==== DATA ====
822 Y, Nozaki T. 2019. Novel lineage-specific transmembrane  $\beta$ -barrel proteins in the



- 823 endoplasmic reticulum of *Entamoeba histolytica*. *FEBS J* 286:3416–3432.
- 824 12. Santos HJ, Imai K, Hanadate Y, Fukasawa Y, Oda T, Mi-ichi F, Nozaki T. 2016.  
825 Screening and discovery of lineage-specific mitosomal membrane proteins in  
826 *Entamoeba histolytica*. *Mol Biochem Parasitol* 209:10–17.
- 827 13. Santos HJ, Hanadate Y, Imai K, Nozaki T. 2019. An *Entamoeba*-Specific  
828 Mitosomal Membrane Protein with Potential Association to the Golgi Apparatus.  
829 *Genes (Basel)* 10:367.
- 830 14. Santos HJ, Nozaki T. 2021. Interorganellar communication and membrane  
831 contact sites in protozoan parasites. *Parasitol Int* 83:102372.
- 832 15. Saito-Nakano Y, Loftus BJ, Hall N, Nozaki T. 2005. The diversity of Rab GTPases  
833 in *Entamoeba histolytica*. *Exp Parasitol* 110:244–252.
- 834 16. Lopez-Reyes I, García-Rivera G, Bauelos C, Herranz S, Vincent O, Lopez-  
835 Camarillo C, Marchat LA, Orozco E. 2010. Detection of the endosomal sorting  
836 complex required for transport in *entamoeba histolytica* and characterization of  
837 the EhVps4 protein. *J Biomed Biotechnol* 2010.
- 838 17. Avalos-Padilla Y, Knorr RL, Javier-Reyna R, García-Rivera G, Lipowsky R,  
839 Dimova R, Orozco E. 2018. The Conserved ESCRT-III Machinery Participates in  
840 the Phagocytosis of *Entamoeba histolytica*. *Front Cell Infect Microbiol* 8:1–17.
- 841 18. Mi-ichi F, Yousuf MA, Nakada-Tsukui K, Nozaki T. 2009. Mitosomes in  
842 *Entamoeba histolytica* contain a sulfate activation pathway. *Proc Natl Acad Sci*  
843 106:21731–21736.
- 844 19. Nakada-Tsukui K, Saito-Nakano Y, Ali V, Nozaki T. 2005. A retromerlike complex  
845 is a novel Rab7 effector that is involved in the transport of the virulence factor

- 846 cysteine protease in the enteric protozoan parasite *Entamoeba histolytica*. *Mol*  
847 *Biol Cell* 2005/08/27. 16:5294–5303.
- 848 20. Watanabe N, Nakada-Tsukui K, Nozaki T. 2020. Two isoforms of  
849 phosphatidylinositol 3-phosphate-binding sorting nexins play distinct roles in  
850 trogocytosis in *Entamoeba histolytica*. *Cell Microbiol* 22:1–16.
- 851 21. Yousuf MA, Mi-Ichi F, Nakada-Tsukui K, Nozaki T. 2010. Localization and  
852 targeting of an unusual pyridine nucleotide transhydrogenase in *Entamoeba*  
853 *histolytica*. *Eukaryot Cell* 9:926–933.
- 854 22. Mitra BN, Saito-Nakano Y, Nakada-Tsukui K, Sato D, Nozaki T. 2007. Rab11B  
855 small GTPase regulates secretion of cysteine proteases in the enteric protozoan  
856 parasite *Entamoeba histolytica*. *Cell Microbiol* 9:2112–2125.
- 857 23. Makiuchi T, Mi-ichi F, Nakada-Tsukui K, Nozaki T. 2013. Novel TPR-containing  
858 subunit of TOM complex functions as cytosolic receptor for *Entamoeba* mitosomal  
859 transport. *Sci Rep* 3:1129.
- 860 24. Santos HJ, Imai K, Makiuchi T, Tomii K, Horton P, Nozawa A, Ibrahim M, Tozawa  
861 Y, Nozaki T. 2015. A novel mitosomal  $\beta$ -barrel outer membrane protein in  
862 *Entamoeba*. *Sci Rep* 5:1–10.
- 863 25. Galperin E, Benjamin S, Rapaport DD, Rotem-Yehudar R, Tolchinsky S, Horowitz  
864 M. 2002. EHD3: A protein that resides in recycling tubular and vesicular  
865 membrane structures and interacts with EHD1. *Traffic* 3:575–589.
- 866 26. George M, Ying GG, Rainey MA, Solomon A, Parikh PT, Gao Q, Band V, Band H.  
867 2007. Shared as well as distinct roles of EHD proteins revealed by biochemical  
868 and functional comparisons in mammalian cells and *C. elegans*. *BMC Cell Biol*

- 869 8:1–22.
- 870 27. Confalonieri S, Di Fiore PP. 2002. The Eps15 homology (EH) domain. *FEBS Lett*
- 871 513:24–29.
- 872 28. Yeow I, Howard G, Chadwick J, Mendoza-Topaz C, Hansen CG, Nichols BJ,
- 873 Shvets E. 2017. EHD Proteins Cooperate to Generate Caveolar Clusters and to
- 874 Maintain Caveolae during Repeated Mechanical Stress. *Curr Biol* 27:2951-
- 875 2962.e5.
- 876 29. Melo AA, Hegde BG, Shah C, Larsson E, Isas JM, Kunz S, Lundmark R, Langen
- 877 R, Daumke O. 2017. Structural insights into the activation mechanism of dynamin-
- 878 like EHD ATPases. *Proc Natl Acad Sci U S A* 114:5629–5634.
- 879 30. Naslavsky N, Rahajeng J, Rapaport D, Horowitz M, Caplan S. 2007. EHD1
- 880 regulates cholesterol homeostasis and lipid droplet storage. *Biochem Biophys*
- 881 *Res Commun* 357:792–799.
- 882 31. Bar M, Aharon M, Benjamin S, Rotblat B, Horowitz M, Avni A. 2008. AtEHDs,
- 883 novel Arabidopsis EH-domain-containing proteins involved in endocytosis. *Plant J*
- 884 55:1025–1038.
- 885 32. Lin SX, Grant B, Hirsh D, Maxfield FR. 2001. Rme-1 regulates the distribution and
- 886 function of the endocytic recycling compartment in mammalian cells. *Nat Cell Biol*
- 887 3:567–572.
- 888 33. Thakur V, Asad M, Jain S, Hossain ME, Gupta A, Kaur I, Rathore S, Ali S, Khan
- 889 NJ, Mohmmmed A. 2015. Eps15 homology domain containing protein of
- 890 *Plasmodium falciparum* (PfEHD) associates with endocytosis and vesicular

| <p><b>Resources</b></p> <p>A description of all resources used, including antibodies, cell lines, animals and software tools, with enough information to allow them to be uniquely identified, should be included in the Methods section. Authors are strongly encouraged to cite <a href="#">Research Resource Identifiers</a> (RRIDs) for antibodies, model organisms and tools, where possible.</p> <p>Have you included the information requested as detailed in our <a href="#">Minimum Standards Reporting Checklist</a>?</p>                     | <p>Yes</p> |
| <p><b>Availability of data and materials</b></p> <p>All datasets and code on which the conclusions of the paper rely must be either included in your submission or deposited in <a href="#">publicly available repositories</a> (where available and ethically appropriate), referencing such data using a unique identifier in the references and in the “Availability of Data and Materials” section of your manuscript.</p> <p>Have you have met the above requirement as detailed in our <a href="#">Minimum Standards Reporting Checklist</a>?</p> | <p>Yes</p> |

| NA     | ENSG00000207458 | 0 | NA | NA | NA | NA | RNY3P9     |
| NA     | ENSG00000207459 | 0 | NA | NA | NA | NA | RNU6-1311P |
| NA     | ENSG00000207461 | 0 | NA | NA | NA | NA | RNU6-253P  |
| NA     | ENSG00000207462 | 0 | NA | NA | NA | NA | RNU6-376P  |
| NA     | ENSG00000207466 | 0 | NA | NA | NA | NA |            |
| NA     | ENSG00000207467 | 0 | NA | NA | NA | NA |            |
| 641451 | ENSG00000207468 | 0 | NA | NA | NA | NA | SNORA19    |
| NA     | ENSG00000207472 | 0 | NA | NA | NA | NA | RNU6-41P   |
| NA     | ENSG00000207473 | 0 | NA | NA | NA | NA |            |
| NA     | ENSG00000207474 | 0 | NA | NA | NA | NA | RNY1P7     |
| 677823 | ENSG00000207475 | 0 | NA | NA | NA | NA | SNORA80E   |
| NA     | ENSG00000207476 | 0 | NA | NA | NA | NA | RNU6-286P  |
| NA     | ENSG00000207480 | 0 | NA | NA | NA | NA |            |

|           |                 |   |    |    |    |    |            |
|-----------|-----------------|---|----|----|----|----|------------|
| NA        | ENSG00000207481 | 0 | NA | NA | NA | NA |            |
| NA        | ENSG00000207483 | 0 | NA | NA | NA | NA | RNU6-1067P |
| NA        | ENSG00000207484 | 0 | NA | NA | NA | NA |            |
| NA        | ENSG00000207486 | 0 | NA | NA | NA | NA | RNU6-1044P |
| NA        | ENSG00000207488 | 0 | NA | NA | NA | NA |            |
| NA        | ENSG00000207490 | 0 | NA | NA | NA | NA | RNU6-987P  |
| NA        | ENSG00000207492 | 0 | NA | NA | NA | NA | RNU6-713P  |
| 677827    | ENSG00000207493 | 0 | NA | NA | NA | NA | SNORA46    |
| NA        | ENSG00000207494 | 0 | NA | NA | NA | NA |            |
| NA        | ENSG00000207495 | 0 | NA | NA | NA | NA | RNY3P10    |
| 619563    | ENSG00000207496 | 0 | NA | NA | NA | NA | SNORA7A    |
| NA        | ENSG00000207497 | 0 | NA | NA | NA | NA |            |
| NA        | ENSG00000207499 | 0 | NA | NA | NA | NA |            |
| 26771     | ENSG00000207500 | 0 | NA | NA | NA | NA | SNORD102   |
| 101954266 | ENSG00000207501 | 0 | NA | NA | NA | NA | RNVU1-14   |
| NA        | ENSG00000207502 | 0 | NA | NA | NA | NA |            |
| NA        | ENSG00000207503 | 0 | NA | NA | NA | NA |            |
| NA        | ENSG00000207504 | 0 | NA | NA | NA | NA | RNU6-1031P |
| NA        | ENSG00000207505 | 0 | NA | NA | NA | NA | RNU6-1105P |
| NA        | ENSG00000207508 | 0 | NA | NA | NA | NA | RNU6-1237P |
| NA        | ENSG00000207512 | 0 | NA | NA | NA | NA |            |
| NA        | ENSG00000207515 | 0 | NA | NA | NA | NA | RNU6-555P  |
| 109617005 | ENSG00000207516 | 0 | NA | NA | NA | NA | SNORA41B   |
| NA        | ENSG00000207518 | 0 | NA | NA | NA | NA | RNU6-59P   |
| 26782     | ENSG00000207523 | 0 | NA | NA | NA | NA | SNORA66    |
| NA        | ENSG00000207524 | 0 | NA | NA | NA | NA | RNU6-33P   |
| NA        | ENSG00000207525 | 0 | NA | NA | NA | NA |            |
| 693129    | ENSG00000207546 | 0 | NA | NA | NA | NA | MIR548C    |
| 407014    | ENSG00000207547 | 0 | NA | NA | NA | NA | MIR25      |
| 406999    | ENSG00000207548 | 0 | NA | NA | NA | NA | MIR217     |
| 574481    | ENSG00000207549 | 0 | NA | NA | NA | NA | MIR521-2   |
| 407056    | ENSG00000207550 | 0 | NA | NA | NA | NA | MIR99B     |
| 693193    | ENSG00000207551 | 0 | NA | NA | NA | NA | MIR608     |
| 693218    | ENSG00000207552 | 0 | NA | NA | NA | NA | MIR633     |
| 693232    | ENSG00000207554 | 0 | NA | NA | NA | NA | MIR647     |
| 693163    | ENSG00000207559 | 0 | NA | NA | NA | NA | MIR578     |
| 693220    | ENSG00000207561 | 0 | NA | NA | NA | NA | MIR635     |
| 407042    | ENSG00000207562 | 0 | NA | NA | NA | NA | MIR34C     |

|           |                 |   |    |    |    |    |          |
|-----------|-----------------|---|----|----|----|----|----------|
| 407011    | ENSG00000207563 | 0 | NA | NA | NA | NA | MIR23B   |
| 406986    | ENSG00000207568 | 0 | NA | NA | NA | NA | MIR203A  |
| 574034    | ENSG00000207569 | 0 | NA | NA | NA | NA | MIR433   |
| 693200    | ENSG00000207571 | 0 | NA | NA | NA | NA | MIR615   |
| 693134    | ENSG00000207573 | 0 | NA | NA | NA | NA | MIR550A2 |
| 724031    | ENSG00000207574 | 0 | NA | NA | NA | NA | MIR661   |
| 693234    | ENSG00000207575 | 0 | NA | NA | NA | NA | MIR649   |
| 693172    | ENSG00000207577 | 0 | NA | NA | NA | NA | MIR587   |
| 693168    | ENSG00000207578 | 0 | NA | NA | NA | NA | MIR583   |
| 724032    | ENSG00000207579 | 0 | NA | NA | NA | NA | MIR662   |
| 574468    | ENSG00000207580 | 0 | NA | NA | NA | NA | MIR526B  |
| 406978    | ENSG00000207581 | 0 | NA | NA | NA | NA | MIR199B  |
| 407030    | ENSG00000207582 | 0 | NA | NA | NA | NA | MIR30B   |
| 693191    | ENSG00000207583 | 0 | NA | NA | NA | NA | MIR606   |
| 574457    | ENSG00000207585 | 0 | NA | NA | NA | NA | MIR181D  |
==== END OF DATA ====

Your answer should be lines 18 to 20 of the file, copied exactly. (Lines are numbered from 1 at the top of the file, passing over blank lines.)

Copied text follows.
839 Dimova R, Orozco E. 2018. The Conserved ESCRT-III Machinery Participates in  
840 the Phagocytosis of *Entamoeba histolytica*. *Front Cell Infect Microbiol* 8:1–17.
- 841 18. Mi-ichi F, Yousuf MA, Nakada-Tsukui K, Nozaki T. 2009. Mitosomes in  